Save for last Monday, April 27, when the benchmark index settled at 7,958.07 with a daily gain of 10.82 points or 0.14 percent, the market fell all the way down last week, overwhelmed by foreign investors’ selling activity, stirred by the recent weakness gripping most equity markets.
Notice that the market managed to end on positive ground when foreign investors became net sellers on Monday with their market participation at 53.52 percent of total transactions.
But, as observed in the past, as foreign investors’ trading activity persisted towards the same direction and their trading participation to total market transactions also continued to increase, the bearing of the market started to change.
The market, therefore, slipped on Tuesday as foreign investors continued to be net sellers and their market participation also inched higher to 54.31 percent. The market fell to 7,886.57 with a daily loss of 71.50 points or 0.90 percent.
On Wednesday, foreign investor’s trading activity continued in the same direction. Their market participation also further increased to 57.70 percent. As a result, the market fell 61.10 points or 0.77 percent at 7,825.47.
Again, foreign investors’ continued to be net sellers on Thursday, the last trading day of the week as well as the end of the month of April. Foreign market participation, this time, also rose significantly to 60.59 percent.
The market ended with a daily loss of 110.65 points or 1.41 percent. This was about half of the market’s total loss for the week of 232.43 points or 2.93 percent.
When you compute for the market’s net loss for the month of April, you will notice it was even lower than what it sustained last week. The market’s net monthly loss only amounted to 225.67 points or 6.67 points less than last week’s losses.
This may look favorable but, from another angle, it is precisely the reason for you to find the market’s current trend worrying.
The market started out strong, riding on a 211.92-point gain from the month of March. Just one day into the month, it established a new record close at 7,993.09. This was on April 1, Wednesday.
A string of record highs were established in the next five trading days. The market hit the session’s high of 8,136.97 on April 7, and another record close on the same day. Another record close was established on April 10 when the market settled at 8,127.48.
The market started to struggle the following week. Its daily trading movements were pushed down one after the other within the week, save on Thursday, April 16, when it regained footing with a 41.74-point gain.
On hindsight, the market’s ascent reached an equilibrium point on April 10. It was all downhill from then on, except for some futile rallies on April 24 and 27.
In summary, the market’s weekly performance in April was downhill. It was up 115.13 points or 1.46 percent on the week ending April 3; followed by another gain of 134.39 points or 1.68 percent on the week ending April 10; then dropped with a loss of 180 points or 2.22 percent on the week ending April 17; followed by another loss of 232.43 points for the week ending April 30.
Bottom line spin
Trading is entering the month of May this week. With the market’s downturn in the last two weeks, and observed quickening pace of its fall last week, some now ask if we should “sell in May and go away” as the saying goes.
In the US, the prevalent answer last weekend was no. Stock prices bounced back by the end trading last Friday. Partly responsible were some good news on the consumer front and in the automobile industry.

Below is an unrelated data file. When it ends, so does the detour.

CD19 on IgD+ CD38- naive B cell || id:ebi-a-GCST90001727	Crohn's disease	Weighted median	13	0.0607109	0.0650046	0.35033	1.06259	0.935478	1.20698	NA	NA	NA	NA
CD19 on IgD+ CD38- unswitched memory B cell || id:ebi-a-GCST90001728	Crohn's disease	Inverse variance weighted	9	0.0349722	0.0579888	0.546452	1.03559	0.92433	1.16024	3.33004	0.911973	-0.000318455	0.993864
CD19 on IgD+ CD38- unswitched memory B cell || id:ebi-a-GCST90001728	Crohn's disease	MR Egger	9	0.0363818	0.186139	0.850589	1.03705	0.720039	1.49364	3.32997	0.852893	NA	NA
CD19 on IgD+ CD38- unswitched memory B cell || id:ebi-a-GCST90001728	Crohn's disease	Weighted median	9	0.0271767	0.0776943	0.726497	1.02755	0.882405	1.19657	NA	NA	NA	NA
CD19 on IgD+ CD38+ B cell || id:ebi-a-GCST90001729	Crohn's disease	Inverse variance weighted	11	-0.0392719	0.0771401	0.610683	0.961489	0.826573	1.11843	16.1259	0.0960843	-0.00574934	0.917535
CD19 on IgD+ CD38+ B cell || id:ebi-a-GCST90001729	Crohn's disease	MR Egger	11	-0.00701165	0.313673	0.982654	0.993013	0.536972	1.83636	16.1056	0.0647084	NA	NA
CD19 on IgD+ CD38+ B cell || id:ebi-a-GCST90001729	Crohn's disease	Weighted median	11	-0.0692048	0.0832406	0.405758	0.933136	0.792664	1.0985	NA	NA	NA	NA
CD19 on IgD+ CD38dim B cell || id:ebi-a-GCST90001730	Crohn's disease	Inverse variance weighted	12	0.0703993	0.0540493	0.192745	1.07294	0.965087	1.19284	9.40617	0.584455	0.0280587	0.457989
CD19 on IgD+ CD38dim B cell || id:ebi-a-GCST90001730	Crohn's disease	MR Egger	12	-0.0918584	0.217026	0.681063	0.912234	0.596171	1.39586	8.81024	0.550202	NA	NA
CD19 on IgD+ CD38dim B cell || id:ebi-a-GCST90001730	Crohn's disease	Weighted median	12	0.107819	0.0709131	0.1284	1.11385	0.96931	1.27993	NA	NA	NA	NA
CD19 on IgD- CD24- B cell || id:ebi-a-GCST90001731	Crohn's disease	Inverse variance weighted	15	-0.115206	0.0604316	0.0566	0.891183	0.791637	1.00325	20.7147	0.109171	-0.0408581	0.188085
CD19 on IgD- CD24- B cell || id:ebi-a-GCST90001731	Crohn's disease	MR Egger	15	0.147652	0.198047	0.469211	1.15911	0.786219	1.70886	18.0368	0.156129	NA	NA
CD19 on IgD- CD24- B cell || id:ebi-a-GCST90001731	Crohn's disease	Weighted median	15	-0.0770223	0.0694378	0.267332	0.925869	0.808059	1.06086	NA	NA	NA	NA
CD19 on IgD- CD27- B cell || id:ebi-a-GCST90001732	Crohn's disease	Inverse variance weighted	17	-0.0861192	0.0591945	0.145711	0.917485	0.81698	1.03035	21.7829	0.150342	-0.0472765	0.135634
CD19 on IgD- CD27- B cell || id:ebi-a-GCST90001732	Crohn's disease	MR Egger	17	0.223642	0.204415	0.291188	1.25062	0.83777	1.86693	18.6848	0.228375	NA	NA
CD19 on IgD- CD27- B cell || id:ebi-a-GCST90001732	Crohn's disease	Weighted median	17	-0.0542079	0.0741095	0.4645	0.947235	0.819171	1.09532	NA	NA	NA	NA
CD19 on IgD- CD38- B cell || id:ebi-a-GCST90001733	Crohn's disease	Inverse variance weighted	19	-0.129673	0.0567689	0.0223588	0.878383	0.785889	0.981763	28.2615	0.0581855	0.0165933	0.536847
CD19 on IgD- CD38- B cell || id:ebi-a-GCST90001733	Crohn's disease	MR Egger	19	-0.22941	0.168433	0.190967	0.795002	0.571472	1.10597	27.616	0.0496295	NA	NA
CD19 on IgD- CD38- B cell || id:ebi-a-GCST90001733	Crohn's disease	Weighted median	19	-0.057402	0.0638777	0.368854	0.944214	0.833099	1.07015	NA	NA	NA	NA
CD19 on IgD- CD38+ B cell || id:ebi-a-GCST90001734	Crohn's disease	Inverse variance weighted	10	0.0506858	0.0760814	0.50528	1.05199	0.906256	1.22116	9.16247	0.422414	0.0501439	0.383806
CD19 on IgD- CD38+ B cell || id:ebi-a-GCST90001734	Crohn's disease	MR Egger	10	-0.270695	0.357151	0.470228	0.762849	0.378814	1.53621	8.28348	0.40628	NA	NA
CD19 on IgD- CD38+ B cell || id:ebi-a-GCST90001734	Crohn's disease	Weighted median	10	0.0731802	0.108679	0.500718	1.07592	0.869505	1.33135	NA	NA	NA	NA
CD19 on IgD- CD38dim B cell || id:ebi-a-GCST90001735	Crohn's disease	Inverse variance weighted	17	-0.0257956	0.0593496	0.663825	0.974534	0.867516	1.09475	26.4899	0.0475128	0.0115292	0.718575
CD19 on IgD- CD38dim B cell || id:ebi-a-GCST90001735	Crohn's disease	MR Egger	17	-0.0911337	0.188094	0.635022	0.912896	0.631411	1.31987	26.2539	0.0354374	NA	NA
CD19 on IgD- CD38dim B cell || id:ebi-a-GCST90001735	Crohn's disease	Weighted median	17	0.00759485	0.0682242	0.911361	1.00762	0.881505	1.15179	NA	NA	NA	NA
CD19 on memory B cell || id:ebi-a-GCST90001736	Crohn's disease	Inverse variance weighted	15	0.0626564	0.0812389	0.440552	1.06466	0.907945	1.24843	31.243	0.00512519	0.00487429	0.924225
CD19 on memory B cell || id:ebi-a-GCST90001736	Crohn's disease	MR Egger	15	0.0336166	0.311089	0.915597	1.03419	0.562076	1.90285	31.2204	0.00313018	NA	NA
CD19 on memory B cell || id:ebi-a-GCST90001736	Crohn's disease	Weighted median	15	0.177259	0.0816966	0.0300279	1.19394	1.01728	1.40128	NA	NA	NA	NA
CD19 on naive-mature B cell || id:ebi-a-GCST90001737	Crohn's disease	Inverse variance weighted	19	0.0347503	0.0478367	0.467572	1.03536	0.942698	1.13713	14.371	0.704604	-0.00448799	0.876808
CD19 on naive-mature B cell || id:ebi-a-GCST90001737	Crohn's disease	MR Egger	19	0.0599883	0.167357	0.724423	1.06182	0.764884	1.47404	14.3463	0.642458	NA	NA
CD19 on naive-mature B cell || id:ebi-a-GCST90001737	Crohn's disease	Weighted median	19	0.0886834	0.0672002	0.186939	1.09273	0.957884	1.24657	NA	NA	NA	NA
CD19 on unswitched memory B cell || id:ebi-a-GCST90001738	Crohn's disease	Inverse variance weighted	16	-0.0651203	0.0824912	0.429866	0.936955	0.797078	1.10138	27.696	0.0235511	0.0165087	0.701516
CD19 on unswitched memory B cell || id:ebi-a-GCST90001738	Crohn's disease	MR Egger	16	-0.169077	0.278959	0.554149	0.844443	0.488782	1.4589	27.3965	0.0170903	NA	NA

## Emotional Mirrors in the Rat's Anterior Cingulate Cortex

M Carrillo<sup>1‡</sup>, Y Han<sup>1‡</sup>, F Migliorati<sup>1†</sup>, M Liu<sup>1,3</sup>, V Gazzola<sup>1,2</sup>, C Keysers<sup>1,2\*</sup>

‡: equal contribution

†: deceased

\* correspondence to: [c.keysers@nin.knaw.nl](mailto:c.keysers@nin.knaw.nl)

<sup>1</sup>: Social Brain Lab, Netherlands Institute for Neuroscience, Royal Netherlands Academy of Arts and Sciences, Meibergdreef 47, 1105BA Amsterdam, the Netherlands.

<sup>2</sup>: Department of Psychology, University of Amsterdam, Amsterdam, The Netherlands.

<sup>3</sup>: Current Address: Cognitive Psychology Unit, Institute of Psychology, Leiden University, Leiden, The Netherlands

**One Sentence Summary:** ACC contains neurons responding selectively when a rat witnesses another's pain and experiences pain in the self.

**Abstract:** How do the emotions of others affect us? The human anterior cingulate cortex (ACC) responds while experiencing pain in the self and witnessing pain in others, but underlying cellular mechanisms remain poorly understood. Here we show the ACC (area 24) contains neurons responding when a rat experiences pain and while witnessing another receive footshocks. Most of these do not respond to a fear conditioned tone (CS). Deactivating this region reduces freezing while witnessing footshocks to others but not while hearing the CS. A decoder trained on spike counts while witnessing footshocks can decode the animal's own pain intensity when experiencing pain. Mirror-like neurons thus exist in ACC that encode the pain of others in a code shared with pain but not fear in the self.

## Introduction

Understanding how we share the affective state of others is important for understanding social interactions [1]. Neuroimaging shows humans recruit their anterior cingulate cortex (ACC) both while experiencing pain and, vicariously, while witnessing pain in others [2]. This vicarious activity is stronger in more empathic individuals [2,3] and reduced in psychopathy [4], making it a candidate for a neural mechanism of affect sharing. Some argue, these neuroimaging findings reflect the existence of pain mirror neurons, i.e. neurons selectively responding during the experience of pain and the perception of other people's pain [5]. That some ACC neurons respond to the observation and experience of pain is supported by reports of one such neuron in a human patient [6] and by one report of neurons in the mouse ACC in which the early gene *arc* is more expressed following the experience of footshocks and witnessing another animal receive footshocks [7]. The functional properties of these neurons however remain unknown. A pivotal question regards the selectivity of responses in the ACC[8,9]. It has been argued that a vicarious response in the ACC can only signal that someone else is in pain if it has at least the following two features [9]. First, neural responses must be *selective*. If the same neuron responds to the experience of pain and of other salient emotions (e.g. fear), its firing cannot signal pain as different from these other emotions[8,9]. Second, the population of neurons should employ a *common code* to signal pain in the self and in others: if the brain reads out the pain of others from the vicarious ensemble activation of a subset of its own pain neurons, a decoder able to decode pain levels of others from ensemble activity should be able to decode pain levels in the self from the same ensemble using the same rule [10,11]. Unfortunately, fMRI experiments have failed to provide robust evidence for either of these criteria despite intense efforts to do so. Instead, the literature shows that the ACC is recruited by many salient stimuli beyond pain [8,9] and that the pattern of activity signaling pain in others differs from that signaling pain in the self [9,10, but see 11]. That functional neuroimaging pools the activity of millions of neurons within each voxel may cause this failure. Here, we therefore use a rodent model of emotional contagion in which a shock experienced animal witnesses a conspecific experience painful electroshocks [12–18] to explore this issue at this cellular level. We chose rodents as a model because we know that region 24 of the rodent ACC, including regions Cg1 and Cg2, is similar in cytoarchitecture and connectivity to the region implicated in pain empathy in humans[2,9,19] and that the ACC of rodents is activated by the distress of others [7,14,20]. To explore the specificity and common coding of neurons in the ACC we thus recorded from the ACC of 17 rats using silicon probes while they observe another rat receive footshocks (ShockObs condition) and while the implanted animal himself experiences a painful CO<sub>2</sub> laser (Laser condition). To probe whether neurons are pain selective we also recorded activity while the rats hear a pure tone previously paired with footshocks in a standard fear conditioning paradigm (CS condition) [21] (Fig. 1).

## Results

As gathered from further news developments, it seems that this bold outlook by US analysts and traders stems from the speculation that the US Fed may push back the timetable of its planned rate increase.
It is possible that as the US economy turn again to disappoint lately, and the trade off is the resultant pressure it puts on the Fed. Such economic developments may force the monetary regulators to move their scheduled rate increase to next year instead of the widely expected second half of the current year timeframe.
Experts had claimed that the profitability of companies arising from an artificially supported low interest rate regime by government is not healthy. It does not breed strong financial sustainability and corporate fundamentals. This is the reason why the US market was always spooked into a downturn every time there were imminent threats of rate increase.
The fact remains, however, that the current low interest rate regime has brought strong profits to US companies. As a result, US investors had always reacted positively to the extension of the program of “subsidizing” interest cost and its termination is met with negative reaction.
The Philippines has also benefited from this low interest rate regime spearheaded by the US. However, local officials claim that the country now has the necessary fundamentals to contend with a higher interest rates.
Among those elements that would support the country’s positive footing are low oil prices (that would likely remain low for some time) and the impact of heightened productivity. They will fuel further long-term growth and built a commensurate positive long term impact in the local equity market.
In the meantime, as the direction of stock prices are dictated by the decisions taken by investors based on the wrong reasons like they are in the US, it is more prudent to roll with—rather than buck—the trend to stay ahead in your play in the market.
As is said, you make money only when your trading moves coincide with the market’s twist and turns.
(The writer is a licensed stockbroker of Eagle Equities, Inc.. You may reach the Market Rider at firstname.lastname@example.org , email@example.com or at www.kapitaltek.com